Artists who catch lightning in a bottle early in their careers frequently fail to live up to their promised potential. This was certainly the case of writer/director M. Night Shyamalan, whose stunning success with The Sixth Sense back in 1999 yielded a couple of smaller hits like Unbreakable and Signs before leading to a string of underperformers including Lady in the Water, The Happening, The Last Airbender, and After Earth. However, his latest film, Knock at the Cabin continues the filmmaker’s comeback and showcases his unique talent for crafting suspense, as it follows a family of three whose idyllic summer retreat is interrupted by some unwelcome strangers bearing terrible news.
Knock at the Cabin stars Jonathan Groff and Ben Aldridge as husband and husband Eric and Andrew, who are spending some quiet time with their adopted daughter Wen (Kristen Cui) at a remote cabin in the woods when four strangers come knocking. Led by the bulky but benevolent Leonard (Dave Bautista), who is accompanied by a trio of disparate-looking people — Nikki Amuka-Bird as Sabrina, Rupert Grint as Redmond, and Abby Quinn as Adriane — the quartet offers the loving family a stark choice: they must willingly choose to sacrifice one of the three of them or else they’ll cause the extinction of humanity.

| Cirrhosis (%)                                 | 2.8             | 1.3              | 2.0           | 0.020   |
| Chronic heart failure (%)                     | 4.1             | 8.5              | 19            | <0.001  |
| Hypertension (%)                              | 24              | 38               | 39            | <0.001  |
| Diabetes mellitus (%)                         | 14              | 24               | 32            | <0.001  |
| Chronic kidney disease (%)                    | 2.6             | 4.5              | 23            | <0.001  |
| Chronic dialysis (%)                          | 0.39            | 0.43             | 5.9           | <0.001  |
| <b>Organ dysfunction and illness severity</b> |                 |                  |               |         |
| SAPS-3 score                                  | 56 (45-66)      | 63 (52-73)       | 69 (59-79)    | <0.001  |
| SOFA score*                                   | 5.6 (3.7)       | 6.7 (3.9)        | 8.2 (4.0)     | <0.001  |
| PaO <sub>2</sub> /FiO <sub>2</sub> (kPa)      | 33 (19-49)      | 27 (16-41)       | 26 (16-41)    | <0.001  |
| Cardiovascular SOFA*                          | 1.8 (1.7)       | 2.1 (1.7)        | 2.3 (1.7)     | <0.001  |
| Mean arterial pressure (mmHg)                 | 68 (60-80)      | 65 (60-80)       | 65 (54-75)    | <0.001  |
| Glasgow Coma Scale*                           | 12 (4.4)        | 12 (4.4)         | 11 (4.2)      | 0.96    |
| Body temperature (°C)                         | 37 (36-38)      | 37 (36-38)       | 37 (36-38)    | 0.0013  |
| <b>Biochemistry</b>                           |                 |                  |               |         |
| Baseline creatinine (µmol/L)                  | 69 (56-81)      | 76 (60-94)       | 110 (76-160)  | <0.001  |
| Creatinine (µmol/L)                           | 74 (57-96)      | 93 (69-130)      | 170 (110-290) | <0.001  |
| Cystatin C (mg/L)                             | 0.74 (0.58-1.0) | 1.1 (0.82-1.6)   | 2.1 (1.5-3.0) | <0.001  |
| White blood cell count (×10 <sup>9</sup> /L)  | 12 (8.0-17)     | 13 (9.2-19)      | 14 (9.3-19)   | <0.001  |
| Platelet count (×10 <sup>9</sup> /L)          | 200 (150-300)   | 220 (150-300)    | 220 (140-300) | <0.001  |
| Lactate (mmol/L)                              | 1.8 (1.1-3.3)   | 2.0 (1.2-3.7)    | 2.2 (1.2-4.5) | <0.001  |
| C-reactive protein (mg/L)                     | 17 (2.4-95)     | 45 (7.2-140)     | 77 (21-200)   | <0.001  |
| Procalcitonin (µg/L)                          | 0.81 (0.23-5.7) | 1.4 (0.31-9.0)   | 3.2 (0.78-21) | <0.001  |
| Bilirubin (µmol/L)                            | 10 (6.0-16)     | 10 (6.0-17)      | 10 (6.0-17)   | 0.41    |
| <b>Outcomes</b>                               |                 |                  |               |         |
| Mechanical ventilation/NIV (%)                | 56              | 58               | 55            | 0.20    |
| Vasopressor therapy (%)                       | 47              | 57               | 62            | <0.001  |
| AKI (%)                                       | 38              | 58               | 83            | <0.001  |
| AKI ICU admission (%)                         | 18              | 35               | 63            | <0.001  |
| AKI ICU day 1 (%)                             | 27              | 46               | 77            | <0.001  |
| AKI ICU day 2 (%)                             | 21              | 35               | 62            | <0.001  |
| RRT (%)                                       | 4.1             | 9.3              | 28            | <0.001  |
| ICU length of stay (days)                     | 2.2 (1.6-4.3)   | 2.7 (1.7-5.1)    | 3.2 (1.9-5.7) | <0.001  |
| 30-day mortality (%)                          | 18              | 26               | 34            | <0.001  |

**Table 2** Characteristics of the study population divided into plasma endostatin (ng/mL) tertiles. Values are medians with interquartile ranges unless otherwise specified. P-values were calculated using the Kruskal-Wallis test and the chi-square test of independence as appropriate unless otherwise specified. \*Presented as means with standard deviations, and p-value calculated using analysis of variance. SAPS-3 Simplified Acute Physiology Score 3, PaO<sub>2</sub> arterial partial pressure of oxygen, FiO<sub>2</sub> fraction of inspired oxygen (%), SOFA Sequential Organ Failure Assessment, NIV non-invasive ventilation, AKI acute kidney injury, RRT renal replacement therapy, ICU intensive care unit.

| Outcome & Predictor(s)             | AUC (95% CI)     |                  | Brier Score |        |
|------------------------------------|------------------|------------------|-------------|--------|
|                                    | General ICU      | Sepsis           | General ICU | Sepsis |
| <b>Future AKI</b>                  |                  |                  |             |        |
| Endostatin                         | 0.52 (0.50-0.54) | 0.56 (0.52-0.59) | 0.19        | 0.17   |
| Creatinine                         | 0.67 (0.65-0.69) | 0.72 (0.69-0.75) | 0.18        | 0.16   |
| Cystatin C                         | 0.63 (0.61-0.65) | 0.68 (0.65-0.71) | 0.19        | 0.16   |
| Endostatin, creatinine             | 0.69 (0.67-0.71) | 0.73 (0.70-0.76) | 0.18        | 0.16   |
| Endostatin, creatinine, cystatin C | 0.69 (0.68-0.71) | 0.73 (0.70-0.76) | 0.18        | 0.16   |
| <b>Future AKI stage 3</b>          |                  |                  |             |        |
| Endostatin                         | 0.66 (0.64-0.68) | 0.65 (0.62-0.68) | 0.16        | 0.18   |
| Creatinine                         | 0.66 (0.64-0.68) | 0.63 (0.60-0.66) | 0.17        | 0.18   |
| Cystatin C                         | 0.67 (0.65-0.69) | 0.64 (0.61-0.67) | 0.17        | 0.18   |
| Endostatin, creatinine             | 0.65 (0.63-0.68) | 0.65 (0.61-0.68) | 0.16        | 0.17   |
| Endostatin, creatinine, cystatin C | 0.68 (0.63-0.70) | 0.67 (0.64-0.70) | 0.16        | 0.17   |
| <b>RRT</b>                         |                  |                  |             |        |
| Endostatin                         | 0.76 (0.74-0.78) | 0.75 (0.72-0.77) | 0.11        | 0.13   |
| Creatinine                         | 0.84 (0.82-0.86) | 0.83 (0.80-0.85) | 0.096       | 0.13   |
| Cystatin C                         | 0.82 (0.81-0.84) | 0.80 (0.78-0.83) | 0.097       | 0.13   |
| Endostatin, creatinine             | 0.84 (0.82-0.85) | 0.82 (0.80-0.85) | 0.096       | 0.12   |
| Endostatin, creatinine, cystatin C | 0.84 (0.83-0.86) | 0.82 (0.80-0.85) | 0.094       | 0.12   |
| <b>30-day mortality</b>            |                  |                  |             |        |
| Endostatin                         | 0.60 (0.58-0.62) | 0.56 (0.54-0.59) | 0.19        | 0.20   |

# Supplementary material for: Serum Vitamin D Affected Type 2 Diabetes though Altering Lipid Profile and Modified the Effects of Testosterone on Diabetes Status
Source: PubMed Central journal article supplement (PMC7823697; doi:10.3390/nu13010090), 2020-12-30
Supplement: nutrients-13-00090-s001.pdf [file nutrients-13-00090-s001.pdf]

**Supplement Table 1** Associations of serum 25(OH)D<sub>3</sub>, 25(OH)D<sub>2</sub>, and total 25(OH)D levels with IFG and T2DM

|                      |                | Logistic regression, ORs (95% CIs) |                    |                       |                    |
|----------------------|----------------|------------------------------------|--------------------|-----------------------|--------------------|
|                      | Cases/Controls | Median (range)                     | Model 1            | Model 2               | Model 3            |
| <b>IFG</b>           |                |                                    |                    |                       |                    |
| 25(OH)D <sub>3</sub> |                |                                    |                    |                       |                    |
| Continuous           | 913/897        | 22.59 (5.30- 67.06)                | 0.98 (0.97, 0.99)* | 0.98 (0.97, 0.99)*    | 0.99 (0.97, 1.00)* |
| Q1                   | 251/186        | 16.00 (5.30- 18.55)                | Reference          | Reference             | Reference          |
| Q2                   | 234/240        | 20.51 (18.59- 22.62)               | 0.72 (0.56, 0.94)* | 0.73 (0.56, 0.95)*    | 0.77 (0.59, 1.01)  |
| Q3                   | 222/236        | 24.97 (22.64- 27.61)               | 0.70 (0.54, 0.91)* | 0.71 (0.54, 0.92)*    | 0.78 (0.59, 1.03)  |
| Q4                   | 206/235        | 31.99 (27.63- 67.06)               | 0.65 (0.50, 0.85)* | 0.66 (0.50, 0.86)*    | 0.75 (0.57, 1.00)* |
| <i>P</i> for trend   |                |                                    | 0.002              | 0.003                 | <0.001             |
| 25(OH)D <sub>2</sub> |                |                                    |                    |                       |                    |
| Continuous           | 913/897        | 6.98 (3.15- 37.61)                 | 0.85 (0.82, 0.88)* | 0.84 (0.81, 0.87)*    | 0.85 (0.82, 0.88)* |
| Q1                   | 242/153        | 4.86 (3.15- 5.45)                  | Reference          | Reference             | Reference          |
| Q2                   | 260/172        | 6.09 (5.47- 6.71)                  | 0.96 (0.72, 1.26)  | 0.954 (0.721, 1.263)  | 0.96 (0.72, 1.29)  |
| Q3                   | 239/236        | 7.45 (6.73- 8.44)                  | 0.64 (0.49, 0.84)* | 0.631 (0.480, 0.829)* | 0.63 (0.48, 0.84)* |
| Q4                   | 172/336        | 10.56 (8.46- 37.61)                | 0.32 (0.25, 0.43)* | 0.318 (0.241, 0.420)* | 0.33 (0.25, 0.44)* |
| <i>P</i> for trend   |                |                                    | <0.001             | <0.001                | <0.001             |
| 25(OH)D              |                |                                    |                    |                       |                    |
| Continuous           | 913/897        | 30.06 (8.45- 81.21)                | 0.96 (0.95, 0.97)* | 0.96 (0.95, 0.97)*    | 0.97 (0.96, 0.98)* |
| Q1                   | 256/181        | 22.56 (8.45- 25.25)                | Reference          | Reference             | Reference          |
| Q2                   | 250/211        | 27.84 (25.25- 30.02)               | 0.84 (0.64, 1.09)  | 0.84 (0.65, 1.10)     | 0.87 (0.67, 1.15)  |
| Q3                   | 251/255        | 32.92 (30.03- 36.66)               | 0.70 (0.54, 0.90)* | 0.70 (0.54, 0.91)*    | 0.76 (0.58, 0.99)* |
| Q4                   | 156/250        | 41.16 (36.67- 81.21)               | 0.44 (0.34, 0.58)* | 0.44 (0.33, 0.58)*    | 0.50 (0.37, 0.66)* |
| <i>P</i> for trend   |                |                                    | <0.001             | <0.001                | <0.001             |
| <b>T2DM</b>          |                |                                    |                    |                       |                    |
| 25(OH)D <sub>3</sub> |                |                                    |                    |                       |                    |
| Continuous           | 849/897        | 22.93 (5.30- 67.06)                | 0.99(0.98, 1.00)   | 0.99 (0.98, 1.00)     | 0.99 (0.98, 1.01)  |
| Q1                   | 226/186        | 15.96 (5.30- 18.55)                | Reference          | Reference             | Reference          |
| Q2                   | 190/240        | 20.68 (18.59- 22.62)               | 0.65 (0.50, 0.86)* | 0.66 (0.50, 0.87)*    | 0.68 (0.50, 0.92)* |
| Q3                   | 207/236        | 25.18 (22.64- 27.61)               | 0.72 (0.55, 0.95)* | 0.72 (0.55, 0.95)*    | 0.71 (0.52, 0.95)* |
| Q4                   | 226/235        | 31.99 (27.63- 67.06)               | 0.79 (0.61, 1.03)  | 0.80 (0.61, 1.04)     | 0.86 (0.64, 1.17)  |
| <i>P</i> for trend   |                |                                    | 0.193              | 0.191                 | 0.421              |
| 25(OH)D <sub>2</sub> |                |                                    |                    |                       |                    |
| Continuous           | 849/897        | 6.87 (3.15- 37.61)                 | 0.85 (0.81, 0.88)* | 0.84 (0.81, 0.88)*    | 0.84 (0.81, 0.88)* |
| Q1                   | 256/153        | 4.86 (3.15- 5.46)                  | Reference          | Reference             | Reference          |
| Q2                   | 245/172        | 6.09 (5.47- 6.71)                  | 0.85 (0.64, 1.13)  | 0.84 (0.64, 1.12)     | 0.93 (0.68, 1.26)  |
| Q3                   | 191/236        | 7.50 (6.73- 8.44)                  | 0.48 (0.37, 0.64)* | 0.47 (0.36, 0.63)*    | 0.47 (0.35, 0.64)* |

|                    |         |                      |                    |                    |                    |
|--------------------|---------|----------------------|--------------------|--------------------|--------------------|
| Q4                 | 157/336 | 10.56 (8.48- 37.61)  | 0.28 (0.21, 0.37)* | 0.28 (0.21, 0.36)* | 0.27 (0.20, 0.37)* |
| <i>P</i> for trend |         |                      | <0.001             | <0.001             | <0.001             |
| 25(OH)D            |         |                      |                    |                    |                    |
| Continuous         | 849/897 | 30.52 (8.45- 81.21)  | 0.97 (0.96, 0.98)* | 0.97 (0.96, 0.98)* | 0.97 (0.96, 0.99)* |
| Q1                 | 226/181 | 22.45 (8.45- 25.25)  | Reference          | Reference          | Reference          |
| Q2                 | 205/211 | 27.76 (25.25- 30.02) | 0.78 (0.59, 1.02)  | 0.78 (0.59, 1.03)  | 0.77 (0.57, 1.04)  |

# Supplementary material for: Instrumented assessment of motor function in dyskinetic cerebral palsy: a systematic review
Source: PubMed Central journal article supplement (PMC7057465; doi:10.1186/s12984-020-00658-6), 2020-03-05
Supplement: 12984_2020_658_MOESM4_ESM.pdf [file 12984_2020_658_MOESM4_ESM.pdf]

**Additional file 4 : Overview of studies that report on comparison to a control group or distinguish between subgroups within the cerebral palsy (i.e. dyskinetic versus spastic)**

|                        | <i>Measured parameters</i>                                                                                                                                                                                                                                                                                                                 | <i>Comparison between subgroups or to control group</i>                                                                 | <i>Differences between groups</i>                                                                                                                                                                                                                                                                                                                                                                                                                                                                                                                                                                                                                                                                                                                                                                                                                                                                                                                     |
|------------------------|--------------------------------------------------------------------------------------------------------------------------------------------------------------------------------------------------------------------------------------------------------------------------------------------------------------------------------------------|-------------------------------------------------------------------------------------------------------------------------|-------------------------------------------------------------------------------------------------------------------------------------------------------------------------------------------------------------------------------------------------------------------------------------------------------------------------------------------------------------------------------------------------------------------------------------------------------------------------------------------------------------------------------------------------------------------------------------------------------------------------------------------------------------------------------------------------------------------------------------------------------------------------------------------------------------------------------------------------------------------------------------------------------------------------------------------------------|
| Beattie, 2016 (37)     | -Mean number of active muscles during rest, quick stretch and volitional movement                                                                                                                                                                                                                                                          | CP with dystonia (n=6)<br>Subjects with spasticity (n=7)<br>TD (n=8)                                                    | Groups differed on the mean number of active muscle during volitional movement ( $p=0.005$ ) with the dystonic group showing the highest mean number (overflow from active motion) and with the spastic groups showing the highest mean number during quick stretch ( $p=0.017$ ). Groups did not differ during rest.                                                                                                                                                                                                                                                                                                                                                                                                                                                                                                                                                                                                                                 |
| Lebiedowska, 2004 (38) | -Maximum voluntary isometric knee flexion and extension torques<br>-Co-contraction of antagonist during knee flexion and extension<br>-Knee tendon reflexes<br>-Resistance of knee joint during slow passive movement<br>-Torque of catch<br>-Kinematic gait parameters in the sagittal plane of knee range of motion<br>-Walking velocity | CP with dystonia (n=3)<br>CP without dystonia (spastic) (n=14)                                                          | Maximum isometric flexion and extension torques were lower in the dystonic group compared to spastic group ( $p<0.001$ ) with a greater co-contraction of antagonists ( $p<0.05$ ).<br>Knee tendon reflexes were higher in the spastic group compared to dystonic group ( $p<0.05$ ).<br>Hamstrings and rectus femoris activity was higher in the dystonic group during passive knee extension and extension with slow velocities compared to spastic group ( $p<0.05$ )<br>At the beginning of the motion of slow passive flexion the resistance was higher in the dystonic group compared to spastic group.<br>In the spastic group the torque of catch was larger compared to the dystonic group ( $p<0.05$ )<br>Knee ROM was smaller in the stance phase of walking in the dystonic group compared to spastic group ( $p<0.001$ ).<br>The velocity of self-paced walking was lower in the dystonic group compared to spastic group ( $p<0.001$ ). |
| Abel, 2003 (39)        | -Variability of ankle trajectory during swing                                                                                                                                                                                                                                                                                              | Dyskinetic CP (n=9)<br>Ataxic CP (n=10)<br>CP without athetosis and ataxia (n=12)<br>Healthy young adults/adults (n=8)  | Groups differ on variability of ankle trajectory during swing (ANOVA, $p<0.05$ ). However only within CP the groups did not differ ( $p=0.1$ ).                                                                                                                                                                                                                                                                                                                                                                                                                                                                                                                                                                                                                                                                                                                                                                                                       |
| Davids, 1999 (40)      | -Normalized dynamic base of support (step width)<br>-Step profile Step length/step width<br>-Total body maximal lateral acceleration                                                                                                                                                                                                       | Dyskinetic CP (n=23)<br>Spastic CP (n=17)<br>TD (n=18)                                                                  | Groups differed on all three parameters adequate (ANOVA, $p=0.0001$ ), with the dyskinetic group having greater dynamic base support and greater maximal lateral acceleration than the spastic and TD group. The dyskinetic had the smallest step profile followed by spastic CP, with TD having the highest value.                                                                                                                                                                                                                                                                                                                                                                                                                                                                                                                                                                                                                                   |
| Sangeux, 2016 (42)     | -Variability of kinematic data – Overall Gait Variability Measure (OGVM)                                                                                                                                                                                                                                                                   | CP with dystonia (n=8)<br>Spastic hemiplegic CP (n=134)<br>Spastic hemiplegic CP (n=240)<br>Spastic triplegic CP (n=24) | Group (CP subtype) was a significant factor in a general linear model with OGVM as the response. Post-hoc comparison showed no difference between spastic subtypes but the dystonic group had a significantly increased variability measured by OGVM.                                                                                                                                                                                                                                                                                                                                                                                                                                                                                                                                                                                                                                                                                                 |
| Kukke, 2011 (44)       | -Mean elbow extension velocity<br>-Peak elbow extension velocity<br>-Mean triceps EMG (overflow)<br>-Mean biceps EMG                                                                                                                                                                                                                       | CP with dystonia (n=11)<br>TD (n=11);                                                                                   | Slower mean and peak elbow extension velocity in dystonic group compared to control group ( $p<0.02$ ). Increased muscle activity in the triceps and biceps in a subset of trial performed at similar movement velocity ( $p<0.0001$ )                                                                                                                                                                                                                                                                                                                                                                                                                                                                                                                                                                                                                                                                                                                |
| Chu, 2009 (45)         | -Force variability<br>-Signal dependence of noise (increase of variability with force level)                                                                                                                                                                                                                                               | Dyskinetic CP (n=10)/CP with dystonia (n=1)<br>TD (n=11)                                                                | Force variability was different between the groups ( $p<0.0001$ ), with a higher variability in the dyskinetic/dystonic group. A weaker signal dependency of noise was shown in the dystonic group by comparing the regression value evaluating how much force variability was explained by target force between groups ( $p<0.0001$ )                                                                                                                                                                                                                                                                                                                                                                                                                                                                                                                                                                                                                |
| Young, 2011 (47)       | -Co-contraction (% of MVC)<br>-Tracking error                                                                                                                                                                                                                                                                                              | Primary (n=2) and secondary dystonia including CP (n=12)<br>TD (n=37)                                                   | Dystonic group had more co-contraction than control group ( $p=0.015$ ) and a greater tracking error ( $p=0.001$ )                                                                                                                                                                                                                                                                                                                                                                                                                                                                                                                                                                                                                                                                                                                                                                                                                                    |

Most of the film’s runtime is spent on Eric and Andrew negotiating with themselves and with their captors as to whether the prophesized doomsday is real or whether the gay couple is simply the target of a horrific, homophobic home invasion. This being a Shyamalan film, however, most audiences will intuit that the four apocalyptic doomsayers mean business. But that assumption — whether ultimately correct or not (and you’ll have to see the film to find out) — does not actually hurt the movie’s grip on you for its remaining runtime.
On the contrary, the fact that you can assume that the four strangers actually are telling the truth lifts a tremendous bugaboo that has crushed many of Shyamalan’s films in the 25 years since his breakout, Oscar-nominated hit. His movies have typically stood or fallen on the weight of “reveals” that viewers of his movies now know to expect. Many of these revelations have been so outlandish, ill-conceived, or outrageous, that even Shyamalan’s best-laid movie plans have been laid to waste by a complete failure to stick the landing. On the contrary, in Knock at the Cabin, any revelations regarding Leonard’s true intentions that arrive at the end thankfully feel like a sideshow.
Instead, the focus of Knock at the Cabin is on the growing terror that Leonard and his group cause in Eric, Andrew, and Wen, particularly as violence rears its ugly head. Interspersed through slightly aggressive editing by Noemi Katharina Preiswerk are flashbacks to Eric and Andrew’s courtship and their life together before and during Wen’s adoption. Some of it is gratuitous but most of it is effective in explaining some of Andrew’s motivations, fears, and past traumas. The fact that this is an LGBTQ family is welcome not only from an inclusion perspective, but because it adds layers of credibility to the plot that could potentially be absent in other contexts.